“And from the pink and purple palette of the perished evening, a blue-black night rose up around us as we rode. We plunged with the sea-wind into tunnels of light. The robe of sunset slipped from the shoulders of the city. Lisa’s hands moved on my hard skin like the sea; like the surging, swarming caress of the sea. And for a moment, as we rode together, we were one: one desire, one promise dissolving into compromise, one mouth tasting the trickle of danger and delight. And something – it might’ve been love, or fear – goaded me to the choice, putting whispers in the warming wind: This is as young and free as you’ll ever be”. Pg 581, Shantaram, G.D. Roberts
Is that not just the most perfectly crafted paragraph you have ever had the pleasure to read?
In case you do not recognise the author or title, I’m referring to the book labelled simply “A Masterpiece” by The Age – Shantaram, by Gregory David Roberts, an epic 933 page tome which paints an indelible picture of paradoxes about this, his life story. How a man with a nurturing heart, but hardened soul came in search of freedom.
Ironically, for a man who was guilty of committing crimes against society, both here and abroad, you truly cannot help but be charmed by Roberts. He’s the first to admit he isn’t perfect, and the undertone of the entire book (yes ALL 933 pages) seeks forgiveness and acknowledges the hefty price he has pain in a personal sense for his crimes. Succumbing to a heroin addiction at a young age, it ultimately cost him his freedom, and after staging a daring escape from a Victorian maximum-security prison in 1980 (right over the front wall, if you don’t mind) all contact with his loved ones, including his young daughter.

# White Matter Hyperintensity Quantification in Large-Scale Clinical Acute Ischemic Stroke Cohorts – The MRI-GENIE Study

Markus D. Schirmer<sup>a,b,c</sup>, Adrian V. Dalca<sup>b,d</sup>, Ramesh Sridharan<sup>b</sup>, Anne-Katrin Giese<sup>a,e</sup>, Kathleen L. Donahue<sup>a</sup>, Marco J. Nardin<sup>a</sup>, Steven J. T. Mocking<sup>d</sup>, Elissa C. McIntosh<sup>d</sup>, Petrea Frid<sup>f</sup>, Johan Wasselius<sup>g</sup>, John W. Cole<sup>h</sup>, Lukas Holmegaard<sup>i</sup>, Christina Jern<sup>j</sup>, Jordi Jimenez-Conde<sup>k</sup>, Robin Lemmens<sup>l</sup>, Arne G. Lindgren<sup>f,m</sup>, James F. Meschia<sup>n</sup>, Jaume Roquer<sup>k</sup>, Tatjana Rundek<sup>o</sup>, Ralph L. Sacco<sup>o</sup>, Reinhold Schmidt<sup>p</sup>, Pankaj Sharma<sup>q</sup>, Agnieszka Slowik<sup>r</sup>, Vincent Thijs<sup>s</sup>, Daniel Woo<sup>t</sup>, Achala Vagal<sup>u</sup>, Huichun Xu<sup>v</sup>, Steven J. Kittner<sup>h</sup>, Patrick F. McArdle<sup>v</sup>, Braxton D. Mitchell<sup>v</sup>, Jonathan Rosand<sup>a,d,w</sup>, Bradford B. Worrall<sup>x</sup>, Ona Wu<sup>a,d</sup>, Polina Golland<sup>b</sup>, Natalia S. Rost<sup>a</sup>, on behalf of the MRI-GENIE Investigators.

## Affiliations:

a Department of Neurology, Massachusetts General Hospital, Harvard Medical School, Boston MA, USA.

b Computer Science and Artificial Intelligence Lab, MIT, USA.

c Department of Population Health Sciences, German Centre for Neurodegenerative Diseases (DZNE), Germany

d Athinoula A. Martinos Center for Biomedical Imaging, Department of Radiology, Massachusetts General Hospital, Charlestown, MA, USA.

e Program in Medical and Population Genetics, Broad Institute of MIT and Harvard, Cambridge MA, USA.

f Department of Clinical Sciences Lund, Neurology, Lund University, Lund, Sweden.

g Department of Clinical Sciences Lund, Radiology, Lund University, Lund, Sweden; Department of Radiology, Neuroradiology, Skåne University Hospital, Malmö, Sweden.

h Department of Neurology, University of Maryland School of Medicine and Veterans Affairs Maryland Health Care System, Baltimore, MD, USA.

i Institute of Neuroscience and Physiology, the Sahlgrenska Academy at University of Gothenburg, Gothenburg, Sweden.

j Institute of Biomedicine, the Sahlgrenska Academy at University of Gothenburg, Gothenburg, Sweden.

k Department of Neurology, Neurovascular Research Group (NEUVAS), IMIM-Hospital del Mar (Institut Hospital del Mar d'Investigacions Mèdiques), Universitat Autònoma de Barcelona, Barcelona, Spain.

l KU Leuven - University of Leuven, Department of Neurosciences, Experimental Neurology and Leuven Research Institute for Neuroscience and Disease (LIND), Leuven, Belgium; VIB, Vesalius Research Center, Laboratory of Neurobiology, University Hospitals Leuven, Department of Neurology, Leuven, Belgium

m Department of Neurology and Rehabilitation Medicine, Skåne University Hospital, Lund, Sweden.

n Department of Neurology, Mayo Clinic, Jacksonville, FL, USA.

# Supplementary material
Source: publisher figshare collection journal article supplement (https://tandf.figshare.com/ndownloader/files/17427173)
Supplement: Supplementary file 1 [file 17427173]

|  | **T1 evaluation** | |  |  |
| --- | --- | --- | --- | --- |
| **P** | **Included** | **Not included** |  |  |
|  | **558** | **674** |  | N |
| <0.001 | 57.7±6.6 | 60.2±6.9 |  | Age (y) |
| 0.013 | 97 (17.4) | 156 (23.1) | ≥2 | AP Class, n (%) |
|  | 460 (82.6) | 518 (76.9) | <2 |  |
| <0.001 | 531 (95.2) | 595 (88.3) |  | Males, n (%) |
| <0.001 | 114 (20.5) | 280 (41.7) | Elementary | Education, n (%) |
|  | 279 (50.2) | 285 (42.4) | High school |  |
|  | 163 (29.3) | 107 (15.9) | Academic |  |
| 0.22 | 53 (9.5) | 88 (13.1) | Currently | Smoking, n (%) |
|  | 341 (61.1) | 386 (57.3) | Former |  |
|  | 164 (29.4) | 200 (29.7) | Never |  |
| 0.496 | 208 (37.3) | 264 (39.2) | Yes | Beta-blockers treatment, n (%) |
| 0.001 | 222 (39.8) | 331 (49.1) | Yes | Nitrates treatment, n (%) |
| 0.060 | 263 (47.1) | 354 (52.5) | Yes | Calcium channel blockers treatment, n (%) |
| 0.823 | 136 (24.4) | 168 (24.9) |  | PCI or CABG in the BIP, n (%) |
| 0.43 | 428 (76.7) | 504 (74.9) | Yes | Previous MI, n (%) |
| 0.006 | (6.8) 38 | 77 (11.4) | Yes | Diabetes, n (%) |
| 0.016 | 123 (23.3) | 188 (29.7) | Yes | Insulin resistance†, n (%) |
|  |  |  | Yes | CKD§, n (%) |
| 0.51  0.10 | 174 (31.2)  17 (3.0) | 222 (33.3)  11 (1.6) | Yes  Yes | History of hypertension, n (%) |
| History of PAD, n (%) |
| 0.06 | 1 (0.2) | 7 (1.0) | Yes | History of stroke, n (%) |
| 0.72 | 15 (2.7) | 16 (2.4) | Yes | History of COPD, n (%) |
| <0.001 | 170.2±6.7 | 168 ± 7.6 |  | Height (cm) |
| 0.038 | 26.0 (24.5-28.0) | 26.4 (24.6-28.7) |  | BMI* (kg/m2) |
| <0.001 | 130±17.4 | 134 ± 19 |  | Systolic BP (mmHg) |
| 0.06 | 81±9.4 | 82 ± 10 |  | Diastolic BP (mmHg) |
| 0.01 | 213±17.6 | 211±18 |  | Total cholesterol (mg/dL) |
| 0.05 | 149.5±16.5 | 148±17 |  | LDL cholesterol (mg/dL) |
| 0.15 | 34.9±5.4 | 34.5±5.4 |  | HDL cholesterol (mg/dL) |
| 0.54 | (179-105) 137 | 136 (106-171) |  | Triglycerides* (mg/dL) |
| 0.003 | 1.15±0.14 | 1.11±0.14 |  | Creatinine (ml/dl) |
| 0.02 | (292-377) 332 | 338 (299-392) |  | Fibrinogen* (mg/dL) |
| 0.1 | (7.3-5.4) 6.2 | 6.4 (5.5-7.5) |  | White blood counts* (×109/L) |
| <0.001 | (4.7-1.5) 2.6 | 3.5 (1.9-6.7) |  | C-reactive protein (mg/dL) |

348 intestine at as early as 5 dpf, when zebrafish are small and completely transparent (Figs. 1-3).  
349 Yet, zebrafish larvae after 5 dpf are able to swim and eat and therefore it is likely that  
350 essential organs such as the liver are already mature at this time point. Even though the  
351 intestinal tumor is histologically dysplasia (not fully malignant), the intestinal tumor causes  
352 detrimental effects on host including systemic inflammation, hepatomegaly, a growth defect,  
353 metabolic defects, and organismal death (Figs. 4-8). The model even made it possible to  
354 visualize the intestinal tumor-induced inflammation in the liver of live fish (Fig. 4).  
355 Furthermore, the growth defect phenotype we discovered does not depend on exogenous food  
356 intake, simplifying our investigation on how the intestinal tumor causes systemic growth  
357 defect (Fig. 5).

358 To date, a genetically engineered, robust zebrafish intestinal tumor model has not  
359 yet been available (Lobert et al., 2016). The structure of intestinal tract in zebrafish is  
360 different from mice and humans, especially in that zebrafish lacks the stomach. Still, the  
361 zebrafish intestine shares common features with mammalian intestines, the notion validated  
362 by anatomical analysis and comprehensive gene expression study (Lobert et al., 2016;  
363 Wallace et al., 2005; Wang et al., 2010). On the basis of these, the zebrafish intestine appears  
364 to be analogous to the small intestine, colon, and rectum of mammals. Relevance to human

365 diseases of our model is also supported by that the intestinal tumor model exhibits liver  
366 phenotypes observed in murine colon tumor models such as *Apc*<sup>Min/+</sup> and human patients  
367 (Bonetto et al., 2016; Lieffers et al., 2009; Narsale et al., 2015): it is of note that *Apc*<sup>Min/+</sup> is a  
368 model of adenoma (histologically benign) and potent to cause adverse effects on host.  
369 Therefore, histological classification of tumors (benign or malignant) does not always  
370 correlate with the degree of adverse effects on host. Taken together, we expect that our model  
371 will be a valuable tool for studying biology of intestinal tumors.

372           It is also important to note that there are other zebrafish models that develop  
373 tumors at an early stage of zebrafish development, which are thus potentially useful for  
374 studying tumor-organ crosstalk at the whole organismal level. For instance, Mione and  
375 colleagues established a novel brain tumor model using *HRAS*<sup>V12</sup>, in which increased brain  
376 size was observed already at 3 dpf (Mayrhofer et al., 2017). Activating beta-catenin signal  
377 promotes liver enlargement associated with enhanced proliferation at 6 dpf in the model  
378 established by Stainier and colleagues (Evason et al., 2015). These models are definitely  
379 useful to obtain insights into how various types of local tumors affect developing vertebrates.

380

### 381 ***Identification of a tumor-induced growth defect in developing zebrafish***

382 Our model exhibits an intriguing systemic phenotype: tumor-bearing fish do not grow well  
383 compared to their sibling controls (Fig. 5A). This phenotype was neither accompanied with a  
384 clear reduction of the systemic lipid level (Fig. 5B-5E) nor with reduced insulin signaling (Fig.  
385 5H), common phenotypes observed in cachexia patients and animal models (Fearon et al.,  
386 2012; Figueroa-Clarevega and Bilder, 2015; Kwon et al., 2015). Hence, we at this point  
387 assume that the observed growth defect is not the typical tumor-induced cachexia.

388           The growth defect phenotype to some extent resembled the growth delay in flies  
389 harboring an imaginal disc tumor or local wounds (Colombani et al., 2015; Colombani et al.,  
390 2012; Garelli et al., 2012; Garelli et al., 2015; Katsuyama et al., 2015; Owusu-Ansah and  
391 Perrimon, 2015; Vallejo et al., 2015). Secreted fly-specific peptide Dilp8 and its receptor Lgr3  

We meet Roberts when he is searching (furtively, as he is Australia’s most wanted fugitive) for his place in the world; and it comes in the shape of the thriving cultural metropolis that is Bombay. A vast array of characters infiltrate his well written world; you’ll warm immediately to the unforgettable Prabaker and surrender a smile each time he charms us with his effusive behaviour; Karla will leave you with a million unanswered questions, while the slum dwellers steal your heart with their humility and simplicity. You will mull over the makeshift family connections that he establishes with father figure Abdel Khader Khan, and his brother in arms, Abdullah Taheri.
The reading journey is a long one, full of tempestuous twists and turns – and much gritty detail which can make for weary reading at times.
But, if you have a spare month or three and feel the need to tackle a hefty, eye opening tome, I beseech you, let it be Shantaram. This powerful piece of prose will send you on a spellbinding cultural and emotional sojourn that will leave you breathless by book’s end!